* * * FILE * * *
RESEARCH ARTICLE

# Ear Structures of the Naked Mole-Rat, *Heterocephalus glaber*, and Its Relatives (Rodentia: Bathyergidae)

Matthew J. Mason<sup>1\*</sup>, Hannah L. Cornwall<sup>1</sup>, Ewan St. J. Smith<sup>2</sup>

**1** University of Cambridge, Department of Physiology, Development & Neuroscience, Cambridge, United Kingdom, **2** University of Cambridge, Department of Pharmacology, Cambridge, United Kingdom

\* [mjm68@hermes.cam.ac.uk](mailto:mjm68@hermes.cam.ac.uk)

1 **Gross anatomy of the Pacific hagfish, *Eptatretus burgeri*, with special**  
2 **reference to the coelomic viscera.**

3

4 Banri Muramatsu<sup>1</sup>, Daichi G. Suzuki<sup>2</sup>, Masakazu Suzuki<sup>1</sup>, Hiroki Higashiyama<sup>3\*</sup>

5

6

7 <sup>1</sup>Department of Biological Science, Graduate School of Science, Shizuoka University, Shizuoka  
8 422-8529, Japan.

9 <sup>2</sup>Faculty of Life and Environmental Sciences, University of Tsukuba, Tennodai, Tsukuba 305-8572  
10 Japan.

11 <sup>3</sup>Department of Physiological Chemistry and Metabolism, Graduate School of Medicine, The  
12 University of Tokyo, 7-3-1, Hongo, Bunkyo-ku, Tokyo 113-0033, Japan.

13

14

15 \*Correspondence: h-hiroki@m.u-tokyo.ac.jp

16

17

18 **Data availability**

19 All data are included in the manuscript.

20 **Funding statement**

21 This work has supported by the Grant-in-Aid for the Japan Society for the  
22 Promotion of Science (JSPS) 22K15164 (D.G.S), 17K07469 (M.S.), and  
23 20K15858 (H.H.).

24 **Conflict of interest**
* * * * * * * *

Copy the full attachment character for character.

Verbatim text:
RESEARCH ARTICLE

# Ear Structures of the Naked Mole-Rat, *Heterocephalus glaber*, and Its Relatives (Rodentia: Bathyergidae)

Matthew J. Mason<sup>1\*</sup>, Hannah L. Cornwall<sup>1</sup>, Ewan St. J. Smith<sup>2</sup>

**1** University of Cambridge, Department of Physiology, Development & Neuroscience, Cambridge, United Kingdom, **2** University of Cambridge, Department of Pharmacology, Cambridge, United Kingdom

\* [mjm68@hermes.cam.ac.uk](mailto:mjm68@hermes.cam.ac.uk)

1 **Gross anatomy of the Pacific hagfish, *Eptatretus burgeri*, with special**  
2 **reference to the coelomic viscera.**

3

4 Banri Muramatsu<sup>1</sup>, Daichi G. Suzuki<sup>2</sup>, Masakazu Suzuki<sup>1</sup>, Hiroki Higashiyama<sup>3\*</sup>

5

6

7 <sup>1</sup>Department of Biological Science, Graduate School of Science, Shizuoka University, Shizuoka  
8 422-8529, Japan.

9 <sup>2</sup>Faculty of Life and Environmental Sciences, University of Tsukuba, Tennodai, Tsukuba 305-8572  
10 Japan.

11 <sup>3</sup>Department of Physiological Chemistry and Metabolism, Graduate School of Medicine, The  
12 University of Tokyo, 7-3-1, Hongo, Bunkyo-ku, Tokyo 113-0033, Japan.

13

14

15 \*Correspondence: h-hiroki@m.u-tokyo.ac.jp

16

17

18 **Data availability**

19 All data are included in the manuscript.

20 **Funding statement**

21 This work has supported by the Grant-in-Aid for the Japan Society for the  
22 Promotion of Science (JSPS) 22K15164 (D.G.S), 17K07469 (M.S.), and  
23 20K15858 (H.H.).

24 **Conflict of interest**